Previous page: The Convention of Forty/La Grande Convention
Column head, introducing reportage on the Convention of Forty, New Nation (Friday, 28 January 1870), 2.
Noon — Thirty-seven of the English [and] French Representatives, met. Three of the French representatives being absent, it was proposed and agreed to that an adjournment till half past three take place. At half past three, met again and adjourned for a similar reason.
Next page: 2d Day: 26 January
 The courthouse used might have been the older one just outside the walls of Upper Fort Garry, to the north and west. Alternately, the convention might have assembled inside the walls. For an indication of the supposed location of the courthouse within Upper Fort Garry see “Red River Basin Investigation. Upper Fort Garry,” map, Appendix B, Red River Basin Investigation, Water Resources Division. Report on Investigations into Measures for the Reduction of the Flood Hazard in the Greater Winnipeg Area ([Ottawa]: Department of Resources and Development, Engineering and Water Resources Branch, 1953), plate 1, 196.
A notice in an adjacent column reads:
As a weekly Journal our paper will, we think, compare favorably with any; being most certainly the best printed as well as the largest periodical yet published in this Colony. It shall be our aim to make it an interesting and readable home paper, a valuable acquisition to every fireside. To those who differ from us politically, we have only to say that in taking this paper they are not supposed to support our views, and that our columns are open to the contributions of all. Any Newspaper published in this colony will have to depend on foreign subscriptions and advertisements for its support, and the refusal of any one to take it will not for one moment stop its issue.
The paper (page 3) also includes the following notice regarding a leading opponent of locally formulated provisional government:
The political prisoner, Doctor Schultz, made his escape from Fort Garry [2 days prior to the sitting of the Convention] on Sunday night last. It appears the Doctor was confined in an upper room of one of the buildings at the Fort, closely attended by a guard. On the evening in question he requested the guard to retire from the room whilst he changed his clothes. The guard being gone the Doctor cut his robe into strips, and having by some means procured a large gimblet which he inserted into the wall below the window sill, he fastened the line to it and let himself down on the ground. Two strange cutters were seen about the Fort late in the night, which leads to the supposition that his escape was effected with the knowledge of some outside parties. Be this as it may, certain it is that the redoubtable doctor is once more enjoying his daily rations, without having his potatoes probed by a bayonet, and is permitted the luxury of a clean shirt collar without the ceremony of an examination of letters in cipher.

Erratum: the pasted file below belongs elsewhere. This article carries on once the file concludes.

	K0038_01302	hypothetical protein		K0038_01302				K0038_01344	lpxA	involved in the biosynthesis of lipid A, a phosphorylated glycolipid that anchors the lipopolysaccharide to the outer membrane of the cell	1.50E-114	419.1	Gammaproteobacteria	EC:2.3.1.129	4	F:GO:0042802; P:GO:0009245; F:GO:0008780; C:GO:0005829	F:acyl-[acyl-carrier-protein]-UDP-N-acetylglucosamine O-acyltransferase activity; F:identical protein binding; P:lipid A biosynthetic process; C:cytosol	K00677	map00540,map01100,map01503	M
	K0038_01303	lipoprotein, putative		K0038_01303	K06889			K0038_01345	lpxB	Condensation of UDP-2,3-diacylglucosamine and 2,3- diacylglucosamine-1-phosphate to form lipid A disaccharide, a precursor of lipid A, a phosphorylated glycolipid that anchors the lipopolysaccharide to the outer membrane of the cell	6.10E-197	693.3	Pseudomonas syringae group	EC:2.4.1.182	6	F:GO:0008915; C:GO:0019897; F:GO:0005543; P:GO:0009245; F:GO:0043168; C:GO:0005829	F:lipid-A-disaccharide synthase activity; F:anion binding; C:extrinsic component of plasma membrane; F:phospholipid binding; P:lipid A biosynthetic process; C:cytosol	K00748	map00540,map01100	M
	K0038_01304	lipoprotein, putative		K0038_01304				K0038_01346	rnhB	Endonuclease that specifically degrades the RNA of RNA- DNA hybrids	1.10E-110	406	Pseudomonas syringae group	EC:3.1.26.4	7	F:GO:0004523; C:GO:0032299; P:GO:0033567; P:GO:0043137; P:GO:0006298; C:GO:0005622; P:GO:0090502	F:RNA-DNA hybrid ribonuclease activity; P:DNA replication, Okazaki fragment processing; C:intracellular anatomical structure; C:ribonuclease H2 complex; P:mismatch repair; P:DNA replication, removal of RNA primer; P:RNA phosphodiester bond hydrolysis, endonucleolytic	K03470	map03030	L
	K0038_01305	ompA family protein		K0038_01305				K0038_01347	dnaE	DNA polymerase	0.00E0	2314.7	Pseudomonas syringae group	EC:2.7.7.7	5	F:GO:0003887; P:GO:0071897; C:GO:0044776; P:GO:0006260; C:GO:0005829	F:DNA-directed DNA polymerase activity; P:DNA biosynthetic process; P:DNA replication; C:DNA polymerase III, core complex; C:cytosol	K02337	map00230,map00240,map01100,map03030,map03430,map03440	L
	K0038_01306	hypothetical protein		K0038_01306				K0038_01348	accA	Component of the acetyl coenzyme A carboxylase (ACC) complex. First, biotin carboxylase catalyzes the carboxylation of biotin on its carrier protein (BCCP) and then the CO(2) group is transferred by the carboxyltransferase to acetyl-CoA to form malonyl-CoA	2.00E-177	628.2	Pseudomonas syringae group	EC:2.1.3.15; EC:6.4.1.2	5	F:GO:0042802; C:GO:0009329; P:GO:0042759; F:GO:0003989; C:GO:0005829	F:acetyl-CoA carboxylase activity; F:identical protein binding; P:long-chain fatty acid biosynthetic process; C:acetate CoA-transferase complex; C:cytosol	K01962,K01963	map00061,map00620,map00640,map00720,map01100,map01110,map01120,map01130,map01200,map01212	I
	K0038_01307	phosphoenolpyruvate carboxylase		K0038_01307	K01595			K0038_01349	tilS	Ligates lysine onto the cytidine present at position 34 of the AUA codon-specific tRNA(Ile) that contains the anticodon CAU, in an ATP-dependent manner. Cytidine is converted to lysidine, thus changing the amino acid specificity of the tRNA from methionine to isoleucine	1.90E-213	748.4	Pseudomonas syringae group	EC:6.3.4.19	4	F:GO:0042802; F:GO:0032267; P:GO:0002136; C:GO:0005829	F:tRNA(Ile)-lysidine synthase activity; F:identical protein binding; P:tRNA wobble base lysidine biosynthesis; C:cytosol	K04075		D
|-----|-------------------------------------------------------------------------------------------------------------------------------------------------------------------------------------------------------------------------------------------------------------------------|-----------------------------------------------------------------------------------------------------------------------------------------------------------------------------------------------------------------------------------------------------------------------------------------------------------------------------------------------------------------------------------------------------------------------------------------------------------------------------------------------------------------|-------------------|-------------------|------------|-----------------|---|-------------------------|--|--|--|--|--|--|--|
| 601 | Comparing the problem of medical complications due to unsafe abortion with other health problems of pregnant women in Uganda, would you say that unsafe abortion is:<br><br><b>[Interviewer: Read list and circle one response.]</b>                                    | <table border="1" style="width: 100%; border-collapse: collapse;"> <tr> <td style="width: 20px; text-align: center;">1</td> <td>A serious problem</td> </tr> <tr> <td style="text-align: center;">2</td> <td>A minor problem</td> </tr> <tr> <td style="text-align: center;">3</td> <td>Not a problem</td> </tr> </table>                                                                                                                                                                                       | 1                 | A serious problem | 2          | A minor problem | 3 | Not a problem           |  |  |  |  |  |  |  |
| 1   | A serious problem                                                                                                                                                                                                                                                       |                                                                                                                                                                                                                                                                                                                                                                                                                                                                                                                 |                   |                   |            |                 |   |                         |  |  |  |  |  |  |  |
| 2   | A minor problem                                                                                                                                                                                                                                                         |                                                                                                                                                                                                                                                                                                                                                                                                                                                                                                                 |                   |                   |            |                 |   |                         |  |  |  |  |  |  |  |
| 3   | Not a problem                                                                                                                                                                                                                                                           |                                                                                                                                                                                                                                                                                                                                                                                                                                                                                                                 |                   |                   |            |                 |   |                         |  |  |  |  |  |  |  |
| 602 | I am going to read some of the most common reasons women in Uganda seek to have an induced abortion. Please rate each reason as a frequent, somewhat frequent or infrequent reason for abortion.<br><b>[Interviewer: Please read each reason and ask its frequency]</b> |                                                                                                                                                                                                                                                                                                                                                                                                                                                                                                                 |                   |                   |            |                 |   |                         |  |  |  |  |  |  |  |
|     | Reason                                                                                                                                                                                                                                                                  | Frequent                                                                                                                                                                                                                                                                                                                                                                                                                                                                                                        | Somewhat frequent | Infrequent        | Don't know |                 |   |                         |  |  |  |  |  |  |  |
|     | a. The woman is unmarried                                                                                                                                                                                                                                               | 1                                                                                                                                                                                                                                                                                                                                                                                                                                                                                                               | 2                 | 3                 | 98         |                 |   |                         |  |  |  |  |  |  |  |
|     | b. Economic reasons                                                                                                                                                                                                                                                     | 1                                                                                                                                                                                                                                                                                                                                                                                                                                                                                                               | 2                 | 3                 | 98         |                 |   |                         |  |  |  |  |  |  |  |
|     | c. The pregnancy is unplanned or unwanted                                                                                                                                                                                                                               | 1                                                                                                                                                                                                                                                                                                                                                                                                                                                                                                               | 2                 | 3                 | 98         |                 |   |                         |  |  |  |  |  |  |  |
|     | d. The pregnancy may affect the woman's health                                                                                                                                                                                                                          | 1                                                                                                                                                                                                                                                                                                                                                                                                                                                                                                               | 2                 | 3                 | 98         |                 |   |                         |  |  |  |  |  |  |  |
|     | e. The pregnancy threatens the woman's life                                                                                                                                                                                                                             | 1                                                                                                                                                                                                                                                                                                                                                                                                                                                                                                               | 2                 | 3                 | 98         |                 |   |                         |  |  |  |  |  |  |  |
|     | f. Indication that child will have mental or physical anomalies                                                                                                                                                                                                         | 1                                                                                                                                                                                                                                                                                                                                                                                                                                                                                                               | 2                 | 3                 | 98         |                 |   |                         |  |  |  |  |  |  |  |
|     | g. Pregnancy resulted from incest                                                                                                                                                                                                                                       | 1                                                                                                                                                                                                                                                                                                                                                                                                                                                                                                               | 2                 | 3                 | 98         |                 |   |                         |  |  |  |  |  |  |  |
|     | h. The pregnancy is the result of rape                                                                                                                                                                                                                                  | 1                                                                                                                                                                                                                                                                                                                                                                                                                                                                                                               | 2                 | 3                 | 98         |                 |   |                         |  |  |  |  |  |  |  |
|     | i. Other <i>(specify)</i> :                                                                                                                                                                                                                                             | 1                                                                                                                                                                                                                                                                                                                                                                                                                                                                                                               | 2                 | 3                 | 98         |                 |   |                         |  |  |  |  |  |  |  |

This had not been Schultz’s first stint in jail. In 1864, his former business partner and half-brother, Henry McKenney, had “obtained a court judgement ordering Schultz to pay his share of a £600 debt incurred by … [their dissolved] company. When Schultz belligerently refused payment, McKenney, with the aid of two special constables, had him bound hand and foot and carted off to jail. Thereafter the half-brothers were bitter enemies” (George F. Reynolds, “McKenney, Henry,” Dictionary of Canadian Biography online).
 Alexander Begg, Alexander Begg’s Red River Journal: and Other Papers Relative to the Red River Resisance of 1869-1870 (Toronto: Champlain Society, 195), 282, recorded weather conditions that explain the absence of delegates:
Tuesday, 25th January, 1870
To-day was the most stormy one experienced this winter — drifting dreadfully.
William Armstrong, watercolour, “Winter Travel between St. Paul and Red River,” (1870). Credit: Library and Archives Canada, Acc. No. 1933-257-1 Gift of Mrs. William MacDougall Copyright: Expired